Unpublished opinions have no precedential value and must not be cited as authority by counsel. Tex.R.App.P. 47.7. Although not citing it as "authority," W. "brings the court's attention to" Vesecky, which she describes as the only known opinion in Texas jurisprudence concerning negligent exposure. In either event, we are constrained by the appellate rules from considering Vesecky as authority.
Initially, we note this appeal involves State Farm's duty to indemnify, which is separate and distinct from the duty to defend. Farmers Tex. County Mut. Ins. Co. v. Griffin, 955 S.W.2d 81, 82 (Tex. 1997). Typically, the duty to defend is determined based upon the allegations made in the underlying suit considered in light of the policy provisions, and the duty to indemnify is determined from the actual underlying facts that result in the insured's liability. J.E.M., 928 S.W.2d at 673 (citing Heyden Newport Chem. Corp. v. S. Gen. Ins. Co., 387 S.W.2d 22, 24-25 (Tex. 1965) and Cluett, 829 S.W.2d at 828). The duty to defend is broader than the duty to indemnify, and where there is no duty to defend under the terms of the policy, there can be no duty to indemnify. See Folsom Inv., Inc. v. Am. Motorists Ins. Co., 26 S.W.3d 556, 559 (Tex.App.-Dallas 2000, no pet.). Sometimes it is necessary to defer resolution of the indemnity issue until after resolution of the liability issue, because coverage may depend upon facts actually proved in the lawsuit. Griffin, 955 S.W.2d at 84. However, in other cases, the court may decide the indemnity issue before judgment is rendered in the underlying suit, if "the insurer has no duty to defend and the same reasons that negate the duty to defend likewise negate any possibility the insurer will ever have a duty to indemnify." Id. See also Folsom, 26 S.W.3d at 559 ("If the underlying petition does not state factual allegations sufficient to invoke the duty to defend, then even proof of all of those allegations could not invoke the insurer's duty to indemnify.").
The appellate record does not contain the reporter's record of the trial in the underlying suit, and the judgment itself is not determinative of the coverage issue. Consequently, we look to the factual allegations of the petition to determine whether those facts give rise to a duty to defend. If they do not, then as a matter of law they cannot impose a duty to indemnify, and State Farm would be entitled to rendition of summary judgment. If, however, the facts alleged in W.'s petition give rise to a duty to defend, then State Farm would only be entitled to a remand to the trial court to determine whether it has a duty to indemnify Borum for the judgment entered against him in the underlying suit in light of this Court's opinion.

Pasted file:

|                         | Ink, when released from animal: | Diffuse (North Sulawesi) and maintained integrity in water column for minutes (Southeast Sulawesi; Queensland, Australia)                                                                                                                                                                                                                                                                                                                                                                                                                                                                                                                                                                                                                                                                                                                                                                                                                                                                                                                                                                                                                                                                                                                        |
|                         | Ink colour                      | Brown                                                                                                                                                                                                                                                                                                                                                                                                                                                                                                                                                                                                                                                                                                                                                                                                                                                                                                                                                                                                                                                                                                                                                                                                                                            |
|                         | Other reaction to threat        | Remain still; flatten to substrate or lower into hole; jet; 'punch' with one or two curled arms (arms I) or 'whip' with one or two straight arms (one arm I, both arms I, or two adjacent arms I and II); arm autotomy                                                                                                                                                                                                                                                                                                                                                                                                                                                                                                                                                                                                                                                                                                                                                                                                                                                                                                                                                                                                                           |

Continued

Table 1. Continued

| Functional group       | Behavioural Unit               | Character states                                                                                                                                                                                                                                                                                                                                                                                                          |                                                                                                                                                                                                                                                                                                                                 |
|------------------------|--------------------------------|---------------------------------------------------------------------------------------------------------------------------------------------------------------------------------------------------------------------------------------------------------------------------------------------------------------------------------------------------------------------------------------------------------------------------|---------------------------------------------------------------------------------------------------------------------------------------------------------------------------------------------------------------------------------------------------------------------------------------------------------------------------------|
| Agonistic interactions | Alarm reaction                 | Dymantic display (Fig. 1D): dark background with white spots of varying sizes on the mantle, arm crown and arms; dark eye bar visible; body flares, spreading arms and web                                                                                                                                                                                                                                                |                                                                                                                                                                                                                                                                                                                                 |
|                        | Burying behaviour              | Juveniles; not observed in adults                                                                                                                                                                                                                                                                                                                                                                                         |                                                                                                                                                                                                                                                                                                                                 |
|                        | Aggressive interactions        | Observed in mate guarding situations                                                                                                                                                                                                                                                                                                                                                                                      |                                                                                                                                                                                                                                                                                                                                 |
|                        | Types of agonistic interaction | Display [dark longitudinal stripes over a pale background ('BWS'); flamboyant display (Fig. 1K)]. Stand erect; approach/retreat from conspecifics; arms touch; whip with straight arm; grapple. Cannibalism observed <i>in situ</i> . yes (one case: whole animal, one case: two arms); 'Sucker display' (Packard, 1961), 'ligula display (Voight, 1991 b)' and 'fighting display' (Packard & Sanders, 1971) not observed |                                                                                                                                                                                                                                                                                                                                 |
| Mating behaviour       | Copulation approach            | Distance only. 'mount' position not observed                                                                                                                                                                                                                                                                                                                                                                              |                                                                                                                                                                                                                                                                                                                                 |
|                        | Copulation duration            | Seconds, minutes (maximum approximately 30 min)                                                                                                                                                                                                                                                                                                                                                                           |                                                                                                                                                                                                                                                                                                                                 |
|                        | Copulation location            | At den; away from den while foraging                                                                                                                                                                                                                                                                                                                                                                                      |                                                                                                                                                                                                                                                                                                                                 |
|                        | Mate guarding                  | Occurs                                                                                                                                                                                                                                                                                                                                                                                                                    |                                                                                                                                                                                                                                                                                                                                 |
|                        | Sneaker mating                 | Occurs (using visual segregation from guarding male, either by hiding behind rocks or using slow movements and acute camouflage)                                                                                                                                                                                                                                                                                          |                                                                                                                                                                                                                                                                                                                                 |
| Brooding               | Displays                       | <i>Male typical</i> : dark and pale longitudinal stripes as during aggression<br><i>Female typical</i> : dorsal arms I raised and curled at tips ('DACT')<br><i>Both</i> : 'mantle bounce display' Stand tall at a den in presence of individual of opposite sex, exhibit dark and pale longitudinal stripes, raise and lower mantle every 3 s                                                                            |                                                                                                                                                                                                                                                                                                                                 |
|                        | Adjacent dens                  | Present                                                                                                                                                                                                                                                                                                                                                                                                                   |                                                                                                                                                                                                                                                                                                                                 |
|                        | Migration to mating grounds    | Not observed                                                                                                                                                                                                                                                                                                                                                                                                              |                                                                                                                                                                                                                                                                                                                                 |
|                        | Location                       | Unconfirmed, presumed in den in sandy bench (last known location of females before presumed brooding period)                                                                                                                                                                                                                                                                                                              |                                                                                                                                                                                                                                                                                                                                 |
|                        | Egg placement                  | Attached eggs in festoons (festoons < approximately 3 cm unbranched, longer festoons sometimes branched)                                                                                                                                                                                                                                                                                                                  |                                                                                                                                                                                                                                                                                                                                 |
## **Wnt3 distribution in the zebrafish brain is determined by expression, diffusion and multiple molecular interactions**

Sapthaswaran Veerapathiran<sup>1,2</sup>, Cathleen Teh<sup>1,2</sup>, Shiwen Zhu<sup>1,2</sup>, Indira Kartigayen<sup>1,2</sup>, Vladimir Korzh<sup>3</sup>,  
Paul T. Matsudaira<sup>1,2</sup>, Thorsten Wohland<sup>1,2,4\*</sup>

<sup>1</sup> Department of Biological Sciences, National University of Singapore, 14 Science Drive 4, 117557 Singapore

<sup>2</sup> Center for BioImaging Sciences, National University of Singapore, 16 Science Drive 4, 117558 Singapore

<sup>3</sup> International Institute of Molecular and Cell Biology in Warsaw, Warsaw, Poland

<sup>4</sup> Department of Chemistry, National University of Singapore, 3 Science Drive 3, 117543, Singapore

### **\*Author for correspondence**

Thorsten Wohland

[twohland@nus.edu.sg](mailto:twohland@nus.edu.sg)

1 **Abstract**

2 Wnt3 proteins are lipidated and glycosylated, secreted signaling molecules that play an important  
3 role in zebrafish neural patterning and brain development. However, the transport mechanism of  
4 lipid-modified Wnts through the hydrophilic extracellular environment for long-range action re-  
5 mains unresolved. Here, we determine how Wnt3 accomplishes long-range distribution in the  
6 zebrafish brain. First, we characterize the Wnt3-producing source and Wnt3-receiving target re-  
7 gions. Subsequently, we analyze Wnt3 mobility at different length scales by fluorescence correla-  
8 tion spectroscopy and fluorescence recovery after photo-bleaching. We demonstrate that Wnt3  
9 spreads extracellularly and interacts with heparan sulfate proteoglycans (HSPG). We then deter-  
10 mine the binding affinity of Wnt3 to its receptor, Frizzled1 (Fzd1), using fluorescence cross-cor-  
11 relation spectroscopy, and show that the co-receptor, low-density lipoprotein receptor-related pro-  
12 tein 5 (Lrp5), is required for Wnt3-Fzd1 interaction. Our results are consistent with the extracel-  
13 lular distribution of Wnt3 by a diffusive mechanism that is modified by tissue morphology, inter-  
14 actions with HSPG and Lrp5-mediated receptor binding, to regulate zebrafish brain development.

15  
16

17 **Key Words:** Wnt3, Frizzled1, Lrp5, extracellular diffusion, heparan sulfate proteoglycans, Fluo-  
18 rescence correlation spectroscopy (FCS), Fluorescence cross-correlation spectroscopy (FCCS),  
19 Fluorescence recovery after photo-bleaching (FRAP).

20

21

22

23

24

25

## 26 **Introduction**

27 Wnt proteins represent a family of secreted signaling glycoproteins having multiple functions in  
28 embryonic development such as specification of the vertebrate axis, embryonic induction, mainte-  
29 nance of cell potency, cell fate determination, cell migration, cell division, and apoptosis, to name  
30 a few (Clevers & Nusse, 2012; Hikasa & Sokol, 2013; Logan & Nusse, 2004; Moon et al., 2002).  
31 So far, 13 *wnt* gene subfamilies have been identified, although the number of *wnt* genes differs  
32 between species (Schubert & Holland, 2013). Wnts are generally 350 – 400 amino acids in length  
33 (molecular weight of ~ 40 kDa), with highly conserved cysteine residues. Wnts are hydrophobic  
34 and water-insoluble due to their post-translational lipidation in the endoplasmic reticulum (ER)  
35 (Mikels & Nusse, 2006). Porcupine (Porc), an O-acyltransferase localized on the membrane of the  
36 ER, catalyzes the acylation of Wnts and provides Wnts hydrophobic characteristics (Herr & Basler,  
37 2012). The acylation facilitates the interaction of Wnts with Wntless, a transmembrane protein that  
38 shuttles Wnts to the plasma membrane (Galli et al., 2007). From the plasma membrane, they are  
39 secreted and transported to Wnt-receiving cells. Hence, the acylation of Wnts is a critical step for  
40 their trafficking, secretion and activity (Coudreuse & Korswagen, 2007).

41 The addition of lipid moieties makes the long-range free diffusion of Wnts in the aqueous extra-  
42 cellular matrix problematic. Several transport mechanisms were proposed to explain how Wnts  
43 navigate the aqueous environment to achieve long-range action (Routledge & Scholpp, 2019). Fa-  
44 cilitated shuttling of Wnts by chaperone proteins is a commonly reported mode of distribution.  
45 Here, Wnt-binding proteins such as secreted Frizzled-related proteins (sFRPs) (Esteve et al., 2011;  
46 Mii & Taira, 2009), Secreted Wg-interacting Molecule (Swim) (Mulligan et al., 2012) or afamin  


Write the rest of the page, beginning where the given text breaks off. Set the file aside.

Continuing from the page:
In her petition, W. alleged Borum committed the following specific acts of negligence: exposed himself nude to W.; exposed his genitals in an aroused state in the presence of W.; threatened to commit suicide if W. told anyone about his conduct with W.; encouraged W. to lie to her physicians to hide Borum's sexual conduct and thus prevented her from getting proper medical assistance, intervention, and counseling; failed to report child abuse as required by law; and failed to seek counseling to prevent himself from continuing to commit the alleged acts. The petition further alleges that, after engaging in such conduct for a period of time, Borum began physically sexually molesting W., initially by fondling her and forcing her to fondle him, and ultimately by forcing W. to have sexual intercourse with him. In order for State Farm to prevail on its motion for summary judgment, it must establish as a matter of law that it has no duty to indemnify Borum under the terms of the policy. To come within the intentional injury exclusion of the policy, State Farm must conclusively establish Borum committed each of the alleged acts with the intent to injure, regardless of their label. See Maayeh, 850 S.W.2d at 195 ("If the petition only alleges facts that, even if true, are excluded by the policy, the insurer does not have a duty to defend regardless of the legal theories involved in the case.") There is no bright-line rule for determining whether intent to harm should be inferred as a matter of law. S.S., 858 S.W.2d at 379. To make such a determination, each specific set of facts must be considered on a case-by-case basis. Id. We turn now to that task.